Colorado Wildfires Are Burning Weirdly Late This Year, And They’ll Probably Be Around For A Little Longer

October 17, 2019
Decker FireDecker Fire
The Decker Fire burns near Salida on Tuesday, Oct. 15, 2019.

Colorado’s fire season got off to a late start but it’s sticking around longer than usual.

“The main culprit for that is the precipitation that you have not been receiving over the past month or two,” said Bryan Henry with the National Interagency Fire Center.

The state normally exits fire season in late September and is done by early October, but this year's monsoon season has been weak. Henry said the whole state has received less than 25 percent of its normal precipitation. Two-thirds of Colorado is either abnormally dry or is experiencing some level of drought, according to the U.S. Drought Monitor.

A pattern of breezy westerly wind flow is also contributing to the late fire season. The combination of dry fuels and wind elevates the potential for new fires and allows ones already burning to take off, Henry said.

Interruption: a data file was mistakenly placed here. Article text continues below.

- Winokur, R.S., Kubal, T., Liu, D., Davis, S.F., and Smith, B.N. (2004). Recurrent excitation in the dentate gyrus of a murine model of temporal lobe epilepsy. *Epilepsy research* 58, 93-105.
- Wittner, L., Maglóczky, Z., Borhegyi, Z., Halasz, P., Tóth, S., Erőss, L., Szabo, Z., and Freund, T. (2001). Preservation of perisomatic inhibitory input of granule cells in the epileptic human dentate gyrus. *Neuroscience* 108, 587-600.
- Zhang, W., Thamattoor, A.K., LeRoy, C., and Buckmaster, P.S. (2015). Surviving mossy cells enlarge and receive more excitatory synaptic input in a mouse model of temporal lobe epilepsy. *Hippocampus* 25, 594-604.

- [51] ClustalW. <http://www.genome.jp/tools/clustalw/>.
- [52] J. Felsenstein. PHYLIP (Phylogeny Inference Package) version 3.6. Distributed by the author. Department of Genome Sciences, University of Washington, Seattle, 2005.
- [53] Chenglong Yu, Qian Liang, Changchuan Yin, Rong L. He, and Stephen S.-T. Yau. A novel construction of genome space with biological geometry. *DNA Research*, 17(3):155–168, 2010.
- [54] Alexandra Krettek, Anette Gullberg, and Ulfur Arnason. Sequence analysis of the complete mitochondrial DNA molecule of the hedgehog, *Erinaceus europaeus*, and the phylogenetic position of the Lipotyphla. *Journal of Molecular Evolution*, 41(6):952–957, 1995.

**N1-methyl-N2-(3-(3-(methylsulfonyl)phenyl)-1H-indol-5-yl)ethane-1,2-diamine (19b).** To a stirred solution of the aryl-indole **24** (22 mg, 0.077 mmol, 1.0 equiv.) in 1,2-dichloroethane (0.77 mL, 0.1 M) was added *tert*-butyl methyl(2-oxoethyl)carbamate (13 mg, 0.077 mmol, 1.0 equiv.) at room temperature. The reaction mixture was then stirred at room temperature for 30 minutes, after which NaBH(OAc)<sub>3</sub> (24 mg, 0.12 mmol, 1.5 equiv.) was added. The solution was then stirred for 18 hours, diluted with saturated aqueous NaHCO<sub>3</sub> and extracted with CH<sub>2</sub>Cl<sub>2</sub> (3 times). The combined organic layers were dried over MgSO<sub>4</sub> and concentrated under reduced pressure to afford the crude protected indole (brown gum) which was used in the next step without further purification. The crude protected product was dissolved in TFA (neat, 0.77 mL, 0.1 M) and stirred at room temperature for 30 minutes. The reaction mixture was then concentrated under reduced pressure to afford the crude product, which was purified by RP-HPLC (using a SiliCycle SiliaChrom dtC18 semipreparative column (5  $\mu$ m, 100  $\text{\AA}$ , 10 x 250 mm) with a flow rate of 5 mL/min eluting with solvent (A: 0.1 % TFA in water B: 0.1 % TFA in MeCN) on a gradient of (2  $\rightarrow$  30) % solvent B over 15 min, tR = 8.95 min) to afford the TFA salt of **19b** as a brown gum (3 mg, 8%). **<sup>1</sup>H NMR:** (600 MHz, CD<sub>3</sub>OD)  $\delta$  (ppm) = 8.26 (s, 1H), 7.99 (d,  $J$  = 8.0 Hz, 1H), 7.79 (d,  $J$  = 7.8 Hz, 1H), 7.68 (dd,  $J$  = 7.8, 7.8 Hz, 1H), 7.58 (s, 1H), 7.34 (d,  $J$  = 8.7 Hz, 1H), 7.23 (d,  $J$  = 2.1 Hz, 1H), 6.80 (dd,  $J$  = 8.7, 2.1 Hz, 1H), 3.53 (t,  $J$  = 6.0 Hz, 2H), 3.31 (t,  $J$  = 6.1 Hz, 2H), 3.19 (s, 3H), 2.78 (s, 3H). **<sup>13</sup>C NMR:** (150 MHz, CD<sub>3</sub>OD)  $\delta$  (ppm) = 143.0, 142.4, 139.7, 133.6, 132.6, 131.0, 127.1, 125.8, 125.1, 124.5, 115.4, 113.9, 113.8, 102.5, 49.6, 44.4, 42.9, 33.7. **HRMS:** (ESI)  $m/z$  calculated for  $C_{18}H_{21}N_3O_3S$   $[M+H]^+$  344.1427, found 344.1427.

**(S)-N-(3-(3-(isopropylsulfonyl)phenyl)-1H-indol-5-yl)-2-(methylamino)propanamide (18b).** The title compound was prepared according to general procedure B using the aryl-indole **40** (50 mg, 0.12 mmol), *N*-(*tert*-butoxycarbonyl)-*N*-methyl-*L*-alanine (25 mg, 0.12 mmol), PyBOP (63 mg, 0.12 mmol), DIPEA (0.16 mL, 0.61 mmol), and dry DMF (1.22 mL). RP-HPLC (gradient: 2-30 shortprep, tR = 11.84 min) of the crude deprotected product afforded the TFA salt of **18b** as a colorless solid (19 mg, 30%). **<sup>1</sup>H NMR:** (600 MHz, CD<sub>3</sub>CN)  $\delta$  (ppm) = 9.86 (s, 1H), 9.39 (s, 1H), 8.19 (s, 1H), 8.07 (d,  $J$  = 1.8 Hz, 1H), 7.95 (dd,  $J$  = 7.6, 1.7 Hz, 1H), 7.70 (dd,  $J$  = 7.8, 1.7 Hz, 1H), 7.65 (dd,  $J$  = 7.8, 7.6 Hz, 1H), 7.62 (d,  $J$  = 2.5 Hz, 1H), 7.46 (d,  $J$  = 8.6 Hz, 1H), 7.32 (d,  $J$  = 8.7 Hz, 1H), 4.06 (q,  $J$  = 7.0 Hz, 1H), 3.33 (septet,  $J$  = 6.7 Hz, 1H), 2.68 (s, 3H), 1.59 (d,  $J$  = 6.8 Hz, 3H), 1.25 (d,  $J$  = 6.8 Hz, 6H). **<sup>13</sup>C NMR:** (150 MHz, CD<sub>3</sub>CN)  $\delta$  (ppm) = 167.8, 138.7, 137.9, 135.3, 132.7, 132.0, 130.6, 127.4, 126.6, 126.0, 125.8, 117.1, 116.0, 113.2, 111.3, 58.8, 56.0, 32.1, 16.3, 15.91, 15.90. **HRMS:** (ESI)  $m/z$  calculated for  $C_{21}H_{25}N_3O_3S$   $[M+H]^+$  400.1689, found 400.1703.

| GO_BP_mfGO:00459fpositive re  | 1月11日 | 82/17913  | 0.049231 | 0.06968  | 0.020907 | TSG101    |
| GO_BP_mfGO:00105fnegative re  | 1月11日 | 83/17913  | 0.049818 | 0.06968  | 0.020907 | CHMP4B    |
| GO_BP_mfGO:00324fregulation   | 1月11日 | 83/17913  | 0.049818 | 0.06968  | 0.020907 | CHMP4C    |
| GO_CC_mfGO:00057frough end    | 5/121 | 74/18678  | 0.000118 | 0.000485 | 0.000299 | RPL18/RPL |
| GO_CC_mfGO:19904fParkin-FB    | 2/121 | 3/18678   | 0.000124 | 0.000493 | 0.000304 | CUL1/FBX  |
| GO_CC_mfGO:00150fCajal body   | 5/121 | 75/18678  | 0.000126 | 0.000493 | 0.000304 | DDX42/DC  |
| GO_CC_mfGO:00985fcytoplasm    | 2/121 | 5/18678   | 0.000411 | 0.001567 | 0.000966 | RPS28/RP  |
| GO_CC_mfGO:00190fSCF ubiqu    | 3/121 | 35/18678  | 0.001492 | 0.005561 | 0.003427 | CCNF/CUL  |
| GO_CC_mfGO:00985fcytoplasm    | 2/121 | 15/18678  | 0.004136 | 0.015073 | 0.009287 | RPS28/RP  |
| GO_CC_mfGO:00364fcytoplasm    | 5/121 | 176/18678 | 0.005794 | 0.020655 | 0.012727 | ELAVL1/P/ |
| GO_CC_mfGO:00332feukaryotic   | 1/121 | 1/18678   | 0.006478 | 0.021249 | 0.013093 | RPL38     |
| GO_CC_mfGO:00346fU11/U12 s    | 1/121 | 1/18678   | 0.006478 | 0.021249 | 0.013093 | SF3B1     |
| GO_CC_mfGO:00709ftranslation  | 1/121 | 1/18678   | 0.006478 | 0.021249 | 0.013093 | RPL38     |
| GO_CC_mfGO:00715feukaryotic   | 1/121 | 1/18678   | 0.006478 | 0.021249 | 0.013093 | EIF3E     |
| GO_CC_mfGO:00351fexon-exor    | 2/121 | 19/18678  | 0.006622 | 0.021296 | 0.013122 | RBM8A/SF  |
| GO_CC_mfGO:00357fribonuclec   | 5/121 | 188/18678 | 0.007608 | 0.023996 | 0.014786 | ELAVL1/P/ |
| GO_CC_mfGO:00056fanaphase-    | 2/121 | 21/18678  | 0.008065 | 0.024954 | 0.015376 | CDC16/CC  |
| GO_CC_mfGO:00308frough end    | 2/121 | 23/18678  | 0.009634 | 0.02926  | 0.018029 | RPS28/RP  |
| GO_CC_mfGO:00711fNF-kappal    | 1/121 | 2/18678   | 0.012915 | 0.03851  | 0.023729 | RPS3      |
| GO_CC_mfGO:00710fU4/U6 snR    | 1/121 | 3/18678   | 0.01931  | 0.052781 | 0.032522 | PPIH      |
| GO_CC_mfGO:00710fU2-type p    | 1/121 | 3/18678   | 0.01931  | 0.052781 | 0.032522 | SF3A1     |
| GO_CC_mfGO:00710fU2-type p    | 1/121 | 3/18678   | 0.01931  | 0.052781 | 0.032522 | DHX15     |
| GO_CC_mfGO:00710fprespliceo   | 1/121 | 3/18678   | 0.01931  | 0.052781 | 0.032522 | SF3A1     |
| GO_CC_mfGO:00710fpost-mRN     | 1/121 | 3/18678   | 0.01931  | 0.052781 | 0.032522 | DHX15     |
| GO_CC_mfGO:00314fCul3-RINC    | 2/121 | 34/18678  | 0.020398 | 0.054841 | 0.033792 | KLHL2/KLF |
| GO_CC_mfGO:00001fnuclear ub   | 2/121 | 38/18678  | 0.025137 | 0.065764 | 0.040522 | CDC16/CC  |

Overall, Colorado’s fire season in 2019 has been below average until recently, Henry said. Last year, fires were more active in the Southwestern portion of the state until Monsoon season arrived.

Larry Helmerick, a spokesman with the Rocky Mountain Area Coordination Center in Lakewood, said so far in 2019, there have been 771 fires that have torched about 31,600 acres in Colorado. That’s compared to about 1,300 fires, which burned more than 475,000 acres in 2018.

The Decker Fire has been the largest fire in Colorado this year. It’s burned nearly 8,500 acres, has forced on-and-off evacuations and has more than 700 people working on it.

Henry said the end may be in sight, though. He predicts the westerly winds to stick around for another two weeks and said things should clear up by November with seasonal changes like potential winter storms. 

“The burn windows are pretty short this time of year due to the decreasing amounts of sunlight,” he said. “Those periods of time the fires can burn are a lot shorter now than what they were, say back in late August, early September. So it makes it a little easier for the firefighting crews to get a handle on them.”